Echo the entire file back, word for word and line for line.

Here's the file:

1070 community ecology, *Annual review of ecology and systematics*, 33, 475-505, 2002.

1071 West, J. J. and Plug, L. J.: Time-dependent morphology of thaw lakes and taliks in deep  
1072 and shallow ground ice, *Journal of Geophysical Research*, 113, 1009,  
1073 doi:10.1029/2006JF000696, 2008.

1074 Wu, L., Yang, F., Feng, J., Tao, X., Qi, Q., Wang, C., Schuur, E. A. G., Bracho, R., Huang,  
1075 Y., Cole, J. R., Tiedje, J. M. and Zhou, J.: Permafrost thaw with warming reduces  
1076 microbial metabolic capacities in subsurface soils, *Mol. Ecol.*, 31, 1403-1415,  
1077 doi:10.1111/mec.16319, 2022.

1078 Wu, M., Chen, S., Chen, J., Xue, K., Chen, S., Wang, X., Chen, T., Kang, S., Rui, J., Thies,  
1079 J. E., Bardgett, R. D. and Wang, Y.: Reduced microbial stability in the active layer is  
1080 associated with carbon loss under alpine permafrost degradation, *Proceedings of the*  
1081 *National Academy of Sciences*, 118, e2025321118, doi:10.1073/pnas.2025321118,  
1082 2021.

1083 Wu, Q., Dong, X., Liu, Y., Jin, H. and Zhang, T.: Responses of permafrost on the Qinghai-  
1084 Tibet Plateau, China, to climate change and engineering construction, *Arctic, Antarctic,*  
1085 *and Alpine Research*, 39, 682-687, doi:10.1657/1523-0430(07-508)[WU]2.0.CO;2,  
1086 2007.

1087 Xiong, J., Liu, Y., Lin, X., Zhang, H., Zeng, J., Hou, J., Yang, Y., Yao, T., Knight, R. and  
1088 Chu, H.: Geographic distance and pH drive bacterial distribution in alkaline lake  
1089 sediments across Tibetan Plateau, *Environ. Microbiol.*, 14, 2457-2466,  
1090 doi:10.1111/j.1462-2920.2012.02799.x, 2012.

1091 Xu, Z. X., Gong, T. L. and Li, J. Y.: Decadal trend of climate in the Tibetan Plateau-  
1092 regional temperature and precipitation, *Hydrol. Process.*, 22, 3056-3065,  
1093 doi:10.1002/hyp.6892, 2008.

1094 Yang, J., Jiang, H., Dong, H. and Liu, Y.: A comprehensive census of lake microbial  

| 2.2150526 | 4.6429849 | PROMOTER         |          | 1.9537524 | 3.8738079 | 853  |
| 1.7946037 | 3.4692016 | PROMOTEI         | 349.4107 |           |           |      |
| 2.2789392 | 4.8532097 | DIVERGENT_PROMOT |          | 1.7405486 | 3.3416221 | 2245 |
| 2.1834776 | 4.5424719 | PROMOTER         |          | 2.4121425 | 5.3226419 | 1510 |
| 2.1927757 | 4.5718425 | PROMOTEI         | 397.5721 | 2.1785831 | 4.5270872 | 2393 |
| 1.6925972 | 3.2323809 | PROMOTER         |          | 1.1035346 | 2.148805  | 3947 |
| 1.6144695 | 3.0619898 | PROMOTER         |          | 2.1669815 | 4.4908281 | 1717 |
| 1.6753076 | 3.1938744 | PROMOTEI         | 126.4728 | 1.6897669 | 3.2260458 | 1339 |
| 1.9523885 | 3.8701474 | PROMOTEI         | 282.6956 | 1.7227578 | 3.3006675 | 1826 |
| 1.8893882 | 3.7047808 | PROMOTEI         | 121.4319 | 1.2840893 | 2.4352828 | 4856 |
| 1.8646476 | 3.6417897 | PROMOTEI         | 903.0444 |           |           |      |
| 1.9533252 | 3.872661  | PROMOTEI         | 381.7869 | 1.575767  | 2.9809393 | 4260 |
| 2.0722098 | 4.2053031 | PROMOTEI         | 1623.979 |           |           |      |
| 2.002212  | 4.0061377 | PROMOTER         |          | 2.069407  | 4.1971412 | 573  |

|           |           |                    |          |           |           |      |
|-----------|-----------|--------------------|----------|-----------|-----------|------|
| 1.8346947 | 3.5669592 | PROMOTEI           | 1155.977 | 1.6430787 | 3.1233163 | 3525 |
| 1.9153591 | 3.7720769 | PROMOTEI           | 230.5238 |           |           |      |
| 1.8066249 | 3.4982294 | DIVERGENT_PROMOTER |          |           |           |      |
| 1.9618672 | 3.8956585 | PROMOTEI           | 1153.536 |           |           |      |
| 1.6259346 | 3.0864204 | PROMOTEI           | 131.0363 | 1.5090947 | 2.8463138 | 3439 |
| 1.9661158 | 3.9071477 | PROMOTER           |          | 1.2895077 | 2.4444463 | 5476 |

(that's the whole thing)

1070 community ecology, *Annual review of ecology and systematics*, 33, 475-505, 2002.

1071 West, J. J. and Plug, L. J.: Time-dependent morphology of thaw lakes and taliks in deep  
1072 and shallow ground ice, *Journal of Geophysical Research*, 113, 1009,  
1073 doi:10.1029/2006JF000696, 2008.

1074 Wu, L., Yang, F., Feng, J., Tao, X., Qi, Q., Wang, C., Schuur, E. A. G., Bracho, R., Huang,  
1075 Y., Cole, J. R., Tiedje, J. M. and Zhou, J.: Permafrost thaw with warming reduces  
1076 microbial metabolic capacities in subsurface soils, *Mol. Ecol.*, 31, 1403-1415,  
1077 doi:10.1111/mec.16319, 2022.

1078 Wu, M., Chen, S., Chen, J., Xue, K., Chen, S., Wang, X., Chen, T., Kang, S., Rui, J., Thies,  
1079 J. E., Bardgett, R. D. and Wang, Y.: Reduced microbial stability in the active layer is  
1080 associated with carbon loss under alpine permafrost degradation, *Proceedings of the*  
1081 *National Academy of Sciences*, 118, e2025321118, doi:10.1073/pnas.2025321118,  
1082 2021.

1083 Wu, Q., Dong, X., Liu, Y., Jin, H. and Zhang, T.: Responses of permafrost on the Qinghai-  
1084 Tibet Plateau, China, to climate change and engineering construction, *Arctic, Antarctic,*  
1085 *and Alpine Research*, 39, 682-687, doi:10.1657/1523-0430(07-508)[WU]2.0.CO;2,  
1086 2007.

1087 Xiong, J., Liu, Y., Lin, X., Zhang, H., Zeng, J., Hou, J., Yang, Y., Yao, T., Knight, R. and  
1088 Chu, H.: Geographic distance and pH drive bacterial distribution in alkaline lake  
1089 sediments across Tibetan Plateau, *Environ. Microbiol.*, 14, 2457-2466,  
1090 doi:10.1111/j.1462-2920.2012.02799.x, 2012.

1091 Xu, Z. X., Gong, T. L. and Li, J. Y.: Decadal trend of climate in the Tibetan Plateau-  
1092 regional temperature and precipitation, *Hydrol. Process.*, 22, 3056-3065,  
1093 doi:10.1002/hyp.6892, 2008.

1094 Yang, J., Jiang, H., Dong, H. and Liu, Y.: A comprehensive census of lake microbial  

| 2.2150526 | 4.6429849 | PROMOTER         |          | 1.9537524 | 3.8738079 | 853  |
| 1.7946037 | 3.4692016 | PROMOTEI         | 349.4107 |           |           |      |
| 2.2789392 | 4.8532097 | DIVERGENT_PROMOT |          | 1.7405486 | 3.3416221 | 2245 |
| 2.1834776 | 4.5424719 | PROMOTER         |          | 2.4121425 | 5.3226419 | 1510 |
| 2.1927757 | 4.5718425 | PROMOTEI         | 397.5721 | 2.1785831 | 4.5270872 | 2393 |
| 1.6925972 | 3.2323809 | PROMOTER         |          | 1.1035346 | 2.148805  | 3947 |
| 1.6144695 | 3.0619898 | PROMOTER         |          | 2.1669815 | 4.4908281 | 1717 |
| 1.6753076 | 3.1938744 | PROMOTEI         | 126.4728 | 1.6897669 | 3.2260458 | 1339 |
| 1.9523885 | 3.8701474 | PROMOTEI         | 282.6956 | 1.7227578 | 3.3006675 | 1826 |
| 1.8893882 | 3.7047808 | PROMOTEI         | 121.4319 | 1.2840893 | 2.4352828 | 4856 |
| 1.8646476 | 3.6417897 | PROMOTEI         | 903.0444 |           |           |      |
| 1.9533252 | 3.872661  | PROMOTEI         | 381.7869 | 1.575767  | 2.9809393 | 4260 |
| 2.0722098 | 4.2053031 | PROMOTEI         | 1623.979 |           |           |      |
| 2.002212  | 4.0061377 | PROMOTER         |          | 2.069407  | 4.1971412 | 573  |

|           |           |                    |          |           |           |      |
|-----------|-----------|--------------------|----------|-----------|-----------|------|
| 1.8346947 | 3.5669592 | PROMOTEI           | 1155.977 | 1.6430787 | 3.1233163 | 3525 |
| 1.9153591 | 3.7720769 | PROMOTEI           | 230.5238 |           |           |      |
| 1.8066249 | 3.4982294 | DIVERGENT_PROMOTER |          |           |           |      |
| 1.9618672 | 3.8956585 | PROMOTEI           | 1153.536 |           |           |      |
| 1.6259346 | 3.0864204 | PROMOTEI           | 131.0363 | 1.5090947 | 2.8463138 | 3439 |
| 1.9661158 | 3.9071477 | PROMOTER           |          | 1.2895077 | 2.4444463 | 5476 |